Oklahoma Senate passes budget plan despite objections from House leaders
OKLAHOMA CITY (KOKH) —
The Oklahoma Senate has approved a budget plan despite objections from their counterparts in the House.
Oklahoma Senate President Pro Tem Mike Schulz says the approved plan "responsibly addresses the fiscal year 2018 shortfall".
“We were elected to lead and guide this state in a responsible manner, and that is precisely what the Senate budget does." Schulz said. "Like we’ve said all along, the solution to this year’s budget will come via a combination of cuts to agencies, new revenues, and structural budget reforms and that’s what is included in the Senate budget."
Schulz claims the plan will bring in $510 million in new revenue through the following:
- $239 million through reforms to “off-the-top” transportation funds, includes $125 million from increasing tax on gasoline and diesel by $0.06 per gallon;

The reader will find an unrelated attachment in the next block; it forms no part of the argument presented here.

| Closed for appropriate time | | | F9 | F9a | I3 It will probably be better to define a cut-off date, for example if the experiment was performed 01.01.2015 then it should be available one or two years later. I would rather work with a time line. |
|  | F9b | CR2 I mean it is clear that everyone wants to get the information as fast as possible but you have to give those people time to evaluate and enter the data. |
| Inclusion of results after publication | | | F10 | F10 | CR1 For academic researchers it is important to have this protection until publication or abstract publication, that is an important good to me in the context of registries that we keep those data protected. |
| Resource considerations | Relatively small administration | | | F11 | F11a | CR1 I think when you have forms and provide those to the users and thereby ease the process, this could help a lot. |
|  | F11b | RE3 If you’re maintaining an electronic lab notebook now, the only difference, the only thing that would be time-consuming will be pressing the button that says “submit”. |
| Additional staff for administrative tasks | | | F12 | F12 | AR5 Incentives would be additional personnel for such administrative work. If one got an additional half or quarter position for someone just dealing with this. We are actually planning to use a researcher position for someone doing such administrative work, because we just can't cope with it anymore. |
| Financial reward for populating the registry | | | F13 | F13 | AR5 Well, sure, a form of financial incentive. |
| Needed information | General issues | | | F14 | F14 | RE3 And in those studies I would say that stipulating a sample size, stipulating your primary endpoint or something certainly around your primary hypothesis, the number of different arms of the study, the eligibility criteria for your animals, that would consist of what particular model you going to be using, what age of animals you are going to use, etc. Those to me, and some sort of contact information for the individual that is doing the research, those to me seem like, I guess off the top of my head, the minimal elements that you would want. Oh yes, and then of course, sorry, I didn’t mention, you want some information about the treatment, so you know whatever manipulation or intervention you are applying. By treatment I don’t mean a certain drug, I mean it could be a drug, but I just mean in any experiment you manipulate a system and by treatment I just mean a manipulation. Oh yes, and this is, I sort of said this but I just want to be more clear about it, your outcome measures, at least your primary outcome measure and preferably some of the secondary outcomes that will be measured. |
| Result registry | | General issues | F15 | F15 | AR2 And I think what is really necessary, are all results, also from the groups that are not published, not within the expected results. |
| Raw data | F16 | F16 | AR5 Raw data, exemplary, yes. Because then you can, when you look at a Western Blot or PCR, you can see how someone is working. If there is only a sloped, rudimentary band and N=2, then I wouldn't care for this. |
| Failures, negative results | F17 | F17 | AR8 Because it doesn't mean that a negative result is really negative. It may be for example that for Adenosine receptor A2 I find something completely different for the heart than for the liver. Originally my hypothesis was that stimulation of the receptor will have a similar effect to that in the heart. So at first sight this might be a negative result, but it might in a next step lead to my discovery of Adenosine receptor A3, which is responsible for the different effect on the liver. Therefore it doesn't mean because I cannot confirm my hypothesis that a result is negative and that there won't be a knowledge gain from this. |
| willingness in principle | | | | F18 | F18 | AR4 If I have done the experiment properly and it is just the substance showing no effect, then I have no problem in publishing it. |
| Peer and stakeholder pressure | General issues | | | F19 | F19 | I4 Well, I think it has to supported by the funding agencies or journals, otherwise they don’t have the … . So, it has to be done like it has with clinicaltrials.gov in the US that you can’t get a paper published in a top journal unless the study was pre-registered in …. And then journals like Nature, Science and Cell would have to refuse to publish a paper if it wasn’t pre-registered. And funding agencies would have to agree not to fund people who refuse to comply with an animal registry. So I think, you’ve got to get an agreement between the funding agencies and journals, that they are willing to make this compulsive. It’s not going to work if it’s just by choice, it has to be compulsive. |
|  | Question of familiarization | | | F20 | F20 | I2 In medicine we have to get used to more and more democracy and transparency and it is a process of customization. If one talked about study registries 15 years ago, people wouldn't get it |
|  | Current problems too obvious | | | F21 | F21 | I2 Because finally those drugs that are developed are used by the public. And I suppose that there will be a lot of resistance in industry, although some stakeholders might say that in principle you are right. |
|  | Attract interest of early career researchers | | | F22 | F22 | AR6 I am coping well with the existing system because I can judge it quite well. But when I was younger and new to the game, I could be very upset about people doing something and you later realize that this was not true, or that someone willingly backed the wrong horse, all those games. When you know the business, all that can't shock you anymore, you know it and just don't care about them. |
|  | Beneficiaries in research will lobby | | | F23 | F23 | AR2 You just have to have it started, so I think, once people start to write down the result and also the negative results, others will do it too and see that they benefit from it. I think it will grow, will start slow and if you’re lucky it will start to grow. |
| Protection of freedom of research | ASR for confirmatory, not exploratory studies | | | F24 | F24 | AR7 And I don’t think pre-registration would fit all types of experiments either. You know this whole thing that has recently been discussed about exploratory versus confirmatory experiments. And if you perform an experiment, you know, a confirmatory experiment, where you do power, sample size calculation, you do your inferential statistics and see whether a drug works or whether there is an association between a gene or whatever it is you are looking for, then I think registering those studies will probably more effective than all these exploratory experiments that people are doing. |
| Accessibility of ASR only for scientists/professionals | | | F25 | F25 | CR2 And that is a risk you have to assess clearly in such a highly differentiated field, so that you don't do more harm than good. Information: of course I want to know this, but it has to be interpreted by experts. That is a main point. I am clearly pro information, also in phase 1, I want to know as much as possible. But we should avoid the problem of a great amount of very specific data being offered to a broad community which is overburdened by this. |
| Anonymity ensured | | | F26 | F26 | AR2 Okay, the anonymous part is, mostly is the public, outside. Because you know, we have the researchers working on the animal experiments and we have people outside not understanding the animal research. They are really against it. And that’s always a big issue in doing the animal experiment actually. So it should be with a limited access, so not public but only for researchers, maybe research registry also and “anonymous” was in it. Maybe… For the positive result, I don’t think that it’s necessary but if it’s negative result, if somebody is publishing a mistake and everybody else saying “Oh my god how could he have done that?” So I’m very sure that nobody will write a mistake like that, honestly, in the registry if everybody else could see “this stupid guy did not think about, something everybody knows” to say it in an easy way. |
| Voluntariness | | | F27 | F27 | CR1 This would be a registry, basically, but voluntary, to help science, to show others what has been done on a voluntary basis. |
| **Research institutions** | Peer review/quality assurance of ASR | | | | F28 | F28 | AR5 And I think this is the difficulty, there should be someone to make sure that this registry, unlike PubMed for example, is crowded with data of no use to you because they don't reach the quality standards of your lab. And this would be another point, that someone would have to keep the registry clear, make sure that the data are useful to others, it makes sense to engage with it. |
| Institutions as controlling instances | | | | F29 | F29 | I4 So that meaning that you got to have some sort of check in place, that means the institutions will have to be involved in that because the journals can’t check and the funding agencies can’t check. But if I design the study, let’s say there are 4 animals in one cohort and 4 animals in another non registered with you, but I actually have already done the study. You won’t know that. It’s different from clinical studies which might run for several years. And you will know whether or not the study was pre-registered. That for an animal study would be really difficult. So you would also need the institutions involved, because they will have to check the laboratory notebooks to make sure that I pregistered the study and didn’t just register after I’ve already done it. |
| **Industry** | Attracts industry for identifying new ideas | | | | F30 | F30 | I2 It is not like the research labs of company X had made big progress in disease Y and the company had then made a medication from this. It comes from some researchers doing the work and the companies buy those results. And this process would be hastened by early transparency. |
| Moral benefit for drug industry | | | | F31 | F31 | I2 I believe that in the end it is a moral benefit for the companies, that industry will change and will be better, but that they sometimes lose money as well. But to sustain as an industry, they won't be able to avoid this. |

- $215 million from increasing the cigarette tax $1.50 per pack;
- $43 million by eliminating oil and gas gross production tax rebates;
- $16 million by eliminating manufacturing sales tax exemption for the wind energy.
The bill also includes $69 million from bills already signed by Governor Mary Fallin. The plan calls for the remaining portion of the budget deficit to be make up by keeping cuts to state agencies under five percent.
Following the bill's passage Oklahoma House Speaker Charles McCall stated that the Senate's plan has already been proposed by House Republicans and been found to have no bi-partisan support.
"The Senate has known this for weeks, so what they proposed today is not a real solution to the budget problem. Per our Constitution, revenue raising measures must start in the House. We have a bipartisan plan in place in the House that, with Senate approval, would unlock $436 million in revenue for the budget.” McCall said.